## FANDOM

78 Pages

If MN is an inclusion of structures, we say that N is an elementary extension of M, or M is an elementary substructure of N, denoted $M \preceq N$, if for every formula $\phi(x)$ and every tuple $b$ in M, we have

$M \models \phi(b) \iff N \models \phi(b)$.

In other words, if b satisfies $\phi(x)$ in one of M and N, then it must satisfy it in the other.

Specializing to the case where x is a tuple of length 0, we recover elementary equivalence: if N is an elementary extension of M then MN. However, $M \preceq N$ is a strictly stronger condition than $M \subseteq N$ plus $M \equiv N$.

The elementary inclusion relation is transitive: if $M \preceq M' \preceq M''$, then $M \preceq M''$.

## Non-examplesEdit

The rationals are not an elementary substructure of the reals (as rings): $\mathbb{Q} \not\preceq \mathbb{R}$. For example, if $\phi(x)$ is the formula asserting that x is a square:

$\phi(x) \iff \exists y : x = y^2$,

then

$\mathbb{Q} \not \models \phi(2)$ but $\mathbb{R} \models \phi(2)$

because 2 is a square in the reals, but not the rationals.

It is possible for MN and MN to hold without N being an elementary extension of M. For example, let N be the natural numbers {0,1,2,...} with the structure of an ordered set. Let M be the subset {1,2,3,...}. Then M is a substructure of N and M is elementarily equivalent to N (because M and N are isomorphic). However, $M \not \preceq N$. Indeed, if $\phi(x)$ is the formula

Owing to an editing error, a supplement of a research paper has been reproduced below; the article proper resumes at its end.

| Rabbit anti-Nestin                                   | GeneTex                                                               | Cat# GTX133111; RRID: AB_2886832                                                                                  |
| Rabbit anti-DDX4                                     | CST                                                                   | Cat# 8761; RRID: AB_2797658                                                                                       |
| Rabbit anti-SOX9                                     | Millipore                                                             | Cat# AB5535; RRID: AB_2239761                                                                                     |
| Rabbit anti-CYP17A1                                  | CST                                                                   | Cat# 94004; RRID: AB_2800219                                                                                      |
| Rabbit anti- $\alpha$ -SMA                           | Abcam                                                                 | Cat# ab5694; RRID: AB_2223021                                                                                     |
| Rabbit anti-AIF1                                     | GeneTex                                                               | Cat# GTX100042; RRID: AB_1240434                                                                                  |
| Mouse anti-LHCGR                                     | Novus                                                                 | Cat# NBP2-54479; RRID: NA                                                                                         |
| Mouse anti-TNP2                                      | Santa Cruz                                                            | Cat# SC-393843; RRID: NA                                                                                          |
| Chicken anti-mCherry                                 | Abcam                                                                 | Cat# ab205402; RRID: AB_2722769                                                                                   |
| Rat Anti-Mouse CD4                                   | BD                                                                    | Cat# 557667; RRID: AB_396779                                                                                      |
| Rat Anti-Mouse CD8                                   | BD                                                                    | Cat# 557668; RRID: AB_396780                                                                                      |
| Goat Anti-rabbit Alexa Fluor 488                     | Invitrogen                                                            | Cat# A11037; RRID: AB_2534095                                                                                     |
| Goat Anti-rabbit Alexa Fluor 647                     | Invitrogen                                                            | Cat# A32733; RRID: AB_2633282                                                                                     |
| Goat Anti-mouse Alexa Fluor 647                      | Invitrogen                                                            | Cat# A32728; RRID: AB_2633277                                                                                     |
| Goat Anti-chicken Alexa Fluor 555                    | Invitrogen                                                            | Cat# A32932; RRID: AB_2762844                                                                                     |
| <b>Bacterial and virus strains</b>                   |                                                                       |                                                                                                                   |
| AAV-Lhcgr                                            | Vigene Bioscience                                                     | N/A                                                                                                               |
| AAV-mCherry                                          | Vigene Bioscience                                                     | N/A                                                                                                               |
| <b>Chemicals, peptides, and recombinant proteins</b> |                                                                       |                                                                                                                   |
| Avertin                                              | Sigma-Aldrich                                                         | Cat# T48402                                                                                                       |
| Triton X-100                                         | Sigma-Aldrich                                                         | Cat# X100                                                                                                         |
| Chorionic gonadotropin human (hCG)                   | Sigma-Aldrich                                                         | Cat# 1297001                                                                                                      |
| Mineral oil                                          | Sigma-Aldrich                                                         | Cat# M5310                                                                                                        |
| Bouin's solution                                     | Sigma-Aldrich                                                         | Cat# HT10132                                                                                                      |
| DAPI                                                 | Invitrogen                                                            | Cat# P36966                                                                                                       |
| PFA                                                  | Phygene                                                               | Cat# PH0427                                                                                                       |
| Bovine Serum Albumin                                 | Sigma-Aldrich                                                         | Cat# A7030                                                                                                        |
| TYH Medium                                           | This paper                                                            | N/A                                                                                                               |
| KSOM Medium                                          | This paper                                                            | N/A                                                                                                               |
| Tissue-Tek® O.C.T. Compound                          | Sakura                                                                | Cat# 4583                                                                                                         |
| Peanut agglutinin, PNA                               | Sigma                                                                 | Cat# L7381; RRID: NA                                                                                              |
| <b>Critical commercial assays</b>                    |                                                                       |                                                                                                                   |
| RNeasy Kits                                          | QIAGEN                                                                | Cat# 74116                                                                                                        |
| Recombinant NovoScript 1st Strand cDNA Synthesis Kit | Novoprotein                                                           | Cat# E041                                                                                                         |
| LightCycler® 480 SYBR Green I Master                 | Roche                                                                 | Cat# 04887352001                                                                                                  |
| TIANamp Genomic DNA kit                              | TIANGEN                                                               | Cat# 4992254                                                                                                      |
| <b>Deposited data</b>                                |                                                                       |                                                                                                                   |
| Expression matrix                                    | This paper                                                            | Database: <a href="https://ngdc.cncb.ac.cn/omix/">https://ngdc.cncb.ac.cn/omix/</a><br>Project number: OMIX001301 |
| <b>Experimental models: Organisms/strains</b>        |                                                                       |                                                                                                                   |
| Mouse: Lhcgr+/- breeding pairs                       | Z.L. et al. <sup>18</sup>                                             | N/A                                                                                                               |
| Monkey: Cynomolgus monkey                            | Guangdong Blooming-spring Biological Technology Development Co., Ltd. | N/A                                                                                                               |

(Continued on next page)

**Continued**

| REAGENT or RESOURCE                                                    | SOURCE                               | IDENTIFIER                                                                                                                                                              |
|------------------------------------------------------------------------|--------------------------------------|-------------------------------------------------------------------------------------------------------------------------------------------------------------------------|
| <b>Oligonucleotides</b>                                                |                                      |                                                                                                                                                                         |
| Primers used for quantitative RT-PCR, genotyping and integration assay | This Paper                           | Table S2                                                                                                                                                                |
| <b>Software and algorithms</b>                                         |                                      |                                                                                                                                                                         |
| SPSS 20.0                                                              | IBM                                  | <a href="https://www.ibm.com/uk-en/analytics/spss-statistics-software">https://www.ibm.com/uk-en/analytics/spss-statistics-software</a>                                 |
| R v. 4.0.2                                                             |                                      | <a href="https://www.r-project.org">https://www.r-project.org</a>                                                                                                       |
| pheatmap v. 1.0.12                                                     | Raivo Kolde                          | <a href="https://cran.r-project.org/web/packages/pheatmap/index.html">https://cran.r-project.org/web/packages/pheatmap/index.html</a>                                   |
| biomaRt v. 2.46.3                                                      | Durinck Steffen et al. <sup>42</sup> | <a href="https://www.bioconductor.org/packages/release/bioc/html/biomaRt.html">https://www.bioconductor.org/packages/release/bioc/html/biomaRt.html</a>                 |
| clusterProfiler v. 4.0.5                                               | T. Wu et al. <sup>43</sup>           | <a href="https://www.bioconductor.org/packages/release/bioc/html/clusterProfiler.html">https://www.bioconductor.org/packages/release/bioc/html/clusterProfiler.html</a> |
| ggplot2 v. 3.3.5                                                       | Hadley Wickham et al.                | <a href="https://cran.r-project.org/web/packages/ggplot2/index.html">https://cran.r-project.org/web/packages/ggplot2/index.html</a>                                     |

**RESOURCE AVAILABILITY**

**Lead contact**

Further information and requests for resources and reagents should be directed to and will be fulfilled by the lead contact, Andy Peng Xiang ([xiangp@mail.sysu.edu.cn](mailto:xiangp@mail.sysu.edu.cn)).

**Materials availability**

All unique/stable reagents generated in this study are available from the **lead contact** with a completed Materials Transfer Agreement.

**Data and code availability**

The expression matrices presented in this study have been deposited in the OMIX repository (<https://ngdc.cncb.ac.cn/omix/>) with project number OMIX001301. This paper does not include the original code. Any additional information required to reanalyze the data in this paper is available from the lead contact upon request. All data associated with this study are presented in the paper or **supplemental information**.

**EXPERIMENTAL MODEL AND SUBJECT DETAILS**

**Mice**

$\exists y : y < x$,

then $\phi(1)$ holds in N, but not M, because 1 is not the least element in N, but it is the least element in M.

## ExamplesEdit

If MN, and b is a tuple from M, and $\phi(x)$ is a quantifier-free formula, then

$M \models \phi(b) \iff N \models \phi(b)$

is automatic. Consequently, if T is a theory with quantifier elimination, then any inclusion of models is an elementary inclusion. Indeed, if MN, $\psi(x)$ is an arbitrary formula, then we can find an equivalent quantifier-free formula $\phi(x)$. Then for a tuple b from M,

$M \models \psi(b) \iff M \models \phi(b) \iff N \models \phi(b) \iff N \models \psi(b)$.